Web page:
More information on the relevance of Piketty’s book for resp. developing countries and South Africa in particular can be found here and here.  Both articles are well recommended.

The picture at the top of this post is courtesy of DFID and is released under an Attribution-NonCommercial-NoDerivs 2.0 Generic license.

Insider Accounts on South African Education

IMG_1696When it comes to education, South Africa is a hard nut to crack.  Inequalities in the system are enormous. Socio-economic status remains the most important determinant of educational outcomes in South Africa.  Educational quality in historically black schools – constituting 80% of enrolment – has not improved since political transition, despite large resource transfers to such schools.  A recent study found that when comparing 27 factors affecting school performance in dysfunctional and functional schools, only 5 were overlapping between the two groups, confirming the notion of two education systems within one country.

This also corresponds with an urban-rural divide.  Most ‘well-performing’ schools are located in towns. Long ago, these used to be “whites only” schools. Most underperforming schools are located in townships and rural areas. These schools have to deal with many issues. The division between the town and township schools is one of the legacies of Apartheid.

Two internship students spent their internship in two of the notoriously ill-equipped and poorly performing township schools and regularly wrote down their impressions.   Their impressions resonate well with the findings of the recently published report from the National Education Evaluation and Development Unit (NEEDU).  This (allegedly withheld) report provides an outspoken analysis of the education system, based on numerous visits and interviews.  We have linked the two sources, quoting from the students’ writings and linking them to findings of the NEEDU study.

First, no resource is more poorly used in South African schools than time.  The NEEDU report highlights high levels of teacher absenteeism and late coming in schools.  A fifth of teachers are absent on Fridays, rising to a third at the end of the month.  In many schools, principal and staff fail to build systems which drive the work of teaching and learning:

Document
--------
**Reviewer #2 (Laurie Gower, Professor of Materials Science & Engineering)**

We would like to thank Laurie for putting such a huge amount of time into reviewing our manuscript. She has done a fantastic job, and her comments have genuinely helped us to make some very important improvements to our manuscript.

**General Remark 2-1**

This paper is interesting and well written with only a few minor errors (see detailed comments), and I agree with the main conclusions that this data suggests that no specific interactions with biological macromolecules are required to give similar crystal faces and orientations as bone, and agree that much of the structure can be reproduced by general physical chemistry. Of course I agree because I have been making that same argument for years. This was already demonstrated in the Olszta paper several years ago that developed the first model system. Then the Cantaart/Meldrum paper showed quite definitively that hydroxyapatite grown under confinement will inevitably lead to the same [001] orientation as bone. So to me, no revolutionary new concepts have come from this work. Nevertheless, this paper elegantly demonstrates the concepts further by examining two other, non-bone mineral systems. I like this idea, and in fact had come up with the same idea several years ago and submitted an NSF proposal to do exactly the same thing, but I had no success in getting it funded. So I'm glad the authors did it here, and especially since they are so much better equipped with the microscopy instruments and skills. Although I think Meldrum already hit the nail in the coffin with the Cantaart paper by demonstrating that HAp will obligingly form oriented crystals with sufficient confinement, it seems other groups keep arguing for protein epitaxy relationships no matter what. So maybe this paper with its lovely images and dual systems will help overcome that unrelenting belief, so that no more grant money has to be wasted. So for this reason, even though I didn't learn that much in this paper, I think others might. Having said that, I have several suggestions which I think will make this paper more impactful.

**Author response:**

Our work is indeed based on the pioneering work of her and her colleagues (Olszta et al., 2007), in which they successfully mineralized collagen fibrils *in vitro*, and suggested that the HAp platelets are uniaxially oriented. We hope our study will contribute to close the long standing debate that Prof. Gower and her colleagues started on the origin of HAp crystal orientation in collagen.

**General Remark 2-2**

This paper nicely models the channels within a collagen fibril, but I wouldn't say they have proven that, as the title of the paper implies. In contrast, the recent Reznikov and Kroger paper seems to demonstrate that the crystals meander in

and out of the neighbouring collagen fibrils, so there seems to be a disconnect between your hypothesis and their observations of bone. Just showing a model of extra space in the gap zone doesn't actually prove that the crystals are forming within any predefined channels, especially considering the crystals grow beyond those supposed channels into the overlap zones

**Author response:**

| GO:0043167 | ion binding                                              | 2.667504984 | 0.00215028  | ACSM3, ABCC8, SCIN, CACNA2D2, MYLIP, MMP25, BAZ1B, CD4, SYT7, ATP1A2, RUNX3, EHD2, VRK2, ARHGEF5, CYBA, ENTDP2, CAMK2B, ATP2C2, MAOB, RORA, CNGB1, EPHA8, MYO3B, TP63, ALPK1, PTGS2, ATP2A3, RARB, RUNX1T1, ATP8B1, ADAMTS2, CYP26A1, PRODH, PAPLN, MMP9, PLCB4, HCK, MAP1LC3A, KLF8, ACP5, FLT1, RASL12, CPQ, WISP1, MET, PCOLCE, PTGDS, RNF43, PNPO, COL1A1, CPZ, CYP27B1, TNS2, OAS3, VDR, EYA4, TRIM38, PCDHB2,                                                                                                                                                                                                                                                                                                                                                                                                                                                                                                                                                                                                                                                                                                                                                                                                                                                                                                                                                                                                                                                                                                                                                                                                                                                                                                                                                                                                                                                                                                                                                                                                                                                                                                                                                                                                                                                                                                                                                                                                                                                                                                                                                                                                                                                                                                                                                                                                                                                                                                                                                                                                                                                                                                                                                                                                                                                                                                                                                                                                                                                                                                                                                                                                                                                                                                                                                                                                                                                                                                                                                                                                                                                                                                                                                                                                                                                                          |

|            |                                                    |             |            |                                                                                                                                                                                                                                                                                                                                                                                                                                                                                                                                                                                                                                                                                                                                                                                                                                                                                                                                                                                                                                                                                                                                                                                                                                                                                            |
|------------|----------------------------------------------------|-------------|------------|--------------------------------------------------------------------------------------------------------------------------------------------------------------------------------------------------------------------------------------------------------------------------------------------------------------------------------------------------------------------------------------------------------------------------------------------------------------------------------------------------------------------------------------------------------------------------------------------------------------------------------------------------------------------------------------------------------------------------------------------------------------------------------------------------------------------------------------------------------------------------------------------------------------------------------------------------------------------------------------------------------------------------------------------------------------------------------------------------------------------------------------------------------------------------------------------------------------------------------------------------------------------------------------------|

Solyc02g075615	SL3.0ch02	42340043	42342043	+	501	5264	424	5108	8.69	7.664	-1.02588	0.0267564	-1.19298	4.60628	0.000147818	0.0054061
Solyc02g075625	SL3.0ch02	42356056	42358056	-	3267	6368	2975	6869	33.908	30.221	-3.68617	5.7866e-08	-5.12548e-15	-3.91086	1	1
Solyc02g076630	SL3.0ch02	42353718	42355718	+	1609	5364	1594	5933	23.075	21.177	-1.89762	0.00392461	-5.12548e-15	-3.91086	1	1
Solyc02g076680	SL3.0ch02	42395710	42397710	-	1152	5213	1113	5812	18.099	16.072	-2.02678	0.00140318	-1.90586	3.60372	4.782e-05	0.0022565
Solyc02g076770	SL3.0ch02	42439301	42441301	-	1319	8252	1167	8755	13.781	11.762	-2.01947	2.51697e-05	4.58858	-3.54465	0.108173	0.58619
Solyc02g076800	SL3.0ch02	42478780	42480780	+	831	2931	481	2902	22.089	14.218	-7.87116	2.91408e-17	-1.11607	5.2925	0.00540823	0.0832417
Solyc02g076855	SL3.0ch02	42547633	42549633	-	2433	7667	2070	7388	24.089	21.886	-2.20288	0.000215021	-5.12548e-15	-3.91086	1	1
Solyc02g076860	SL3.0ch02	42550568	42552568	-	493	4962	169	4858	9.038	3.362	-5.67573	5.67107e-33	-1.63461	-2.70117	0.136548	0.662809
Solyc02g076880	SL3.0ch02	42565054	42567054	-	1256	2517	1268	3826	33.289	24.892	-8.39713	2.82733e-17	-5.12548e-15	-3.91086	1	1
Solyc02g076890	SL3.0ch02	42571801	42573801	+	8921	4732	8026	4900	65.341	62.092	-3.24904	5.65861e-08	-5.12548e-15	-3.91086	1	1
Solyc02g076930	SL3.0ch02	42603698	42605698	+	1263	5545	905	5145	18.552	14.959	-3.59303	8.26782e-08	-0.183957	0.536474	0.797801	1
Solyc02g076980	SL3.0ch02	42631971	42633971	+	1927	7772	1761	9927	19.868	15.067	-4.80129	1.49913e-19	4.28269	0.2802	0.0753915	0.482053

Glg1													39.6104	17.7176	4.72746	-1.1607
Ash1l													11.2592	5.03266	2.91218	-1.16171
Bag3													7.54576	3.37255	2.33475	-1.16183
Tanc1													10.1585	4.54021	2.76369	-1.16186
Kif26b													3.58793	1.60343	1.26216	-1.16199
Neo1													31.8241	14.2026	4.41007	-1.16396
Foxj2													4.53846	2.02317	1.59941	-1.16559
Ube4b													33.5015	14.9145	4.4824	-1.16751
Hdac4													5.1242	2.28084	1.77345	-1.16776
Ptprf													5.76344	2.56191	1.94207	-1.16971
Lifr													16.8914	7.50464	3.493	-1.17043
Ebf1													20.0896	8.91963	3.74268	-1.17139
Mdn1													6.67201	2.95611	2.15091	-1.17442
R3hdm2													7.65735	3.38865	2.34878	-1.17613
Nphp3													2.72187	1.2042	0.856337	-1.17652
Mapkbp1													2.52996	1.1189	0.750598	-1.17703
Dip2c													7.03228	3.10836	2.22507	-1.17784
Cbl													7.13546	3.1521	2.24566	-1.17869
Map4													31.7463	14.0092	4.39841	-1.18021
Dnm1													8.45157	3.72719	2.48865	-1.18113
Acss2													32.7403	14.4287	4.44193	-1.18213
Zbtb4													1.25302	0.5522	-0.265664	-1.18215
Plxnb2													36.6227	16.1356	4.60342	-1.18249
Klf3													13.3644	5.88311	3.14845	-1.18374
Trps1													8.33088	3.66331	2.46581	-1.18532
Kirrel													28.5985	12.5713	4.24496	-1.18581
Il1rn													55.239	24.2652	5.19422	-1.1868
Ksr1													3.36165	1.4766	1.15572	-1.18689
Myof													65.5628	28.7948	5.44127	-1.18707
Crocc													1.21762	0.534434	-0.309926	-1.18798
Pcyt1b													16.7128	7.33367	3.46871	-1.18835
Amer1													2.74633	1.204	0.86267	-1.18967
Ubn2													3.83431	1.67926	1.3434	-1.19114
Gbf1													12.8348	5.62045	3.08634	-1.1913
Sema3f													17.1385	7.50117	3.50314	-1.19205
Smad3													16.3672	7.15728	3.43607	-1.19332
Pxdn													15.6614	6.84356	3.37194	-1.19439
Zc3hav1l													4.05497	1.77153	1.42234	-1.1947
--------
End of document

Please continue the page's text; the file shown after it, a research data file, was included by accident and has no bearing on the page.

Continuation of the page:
Our students wrote:

“We had the impression the principal does not check which teachers are present at what time at school. There is a register which teachers should sign upon arrival and departure. However, this is not a good indication since teachers can sign it the day after or when they didn’t arrive (in time).  Many teachers in our schools are quite relaxed about getting to class in time. They go to their classes 5 minutes late, 15 minutes late or sometimes not at all, it doesn’t seem to make any difference.”

Moreover, schools face extracurricular disruptions. According to NEEDU, 28% of teachers and principals face these disruptions frequently and another 38% occasionally, in particularly in large rural schools.  Late coming by teachers sets a bad example for learners and learner late-coming is a serious problem in 40% of schools and a moderate one in a further 35%.  Lessons are also often interrupted:

“Staff meetings often take place during school hours, whilst the teachers should be teaching. Learners are just left in the classroom without any form of guidance, tasks or supervision. In our schools, we haven’t seen any systematic plan in place to cover for absent teachers.”

The NEEDU report also refers to the fact that teachers consider the generous allocation of sick leave for cases of prolonged sickness as a right to be taken in full.  Ample time for system-wide assessment, including the Annual National Assessments (ANAs) in September further reduce time for teaching.  Additionally, time in classroom is often not used effectively, resulting in low ‘time on task’.  As the students recall:

“While a teacher is writing exercises on the blackboard, learners are idling, and they are only allowed to start copying once the teacher is finished. If learners finish their exercise before others are ready, they wait until everyone is finished. Again they sit idle until the correct answers are written on the blackboard, after which they copy.”

This shows the potential for small, incremental interventions with potentially huge impact on learning, much as what Doug lemov advocates for in ‘Teach Like a Champion’.

Under the Integrated Food Security Strategy, 9 million learners from grade R to grade 7 receive a daily meal at school.  For many it’s their only meal per day.  Unfortunately, the delivery and management has been a hit-and-miss affair in recent years.

“Many learners only get their first meal for the day at school after half past 10. When you are hungry it is difficult to focus.  And why distribute the food during periods teaching time? Why not distribute food for all learners during the long break?”

Another challenge the students observed was the lack of content knowledge and teaching skills in many teachers.

“The lack of content knowledge leads to teaching mistakes. We have seen this happen. We saw bright learners ask some questions about these mistakes, but teachers reacted angrily and ignored the mistake made. Teachers seem to be confident despite their lack of content knowledge.  The HOD for mathematics had very little mathematics understanding. It must be extremely difficult in such a position to motivate, oversee, guide and improve the other teachers.”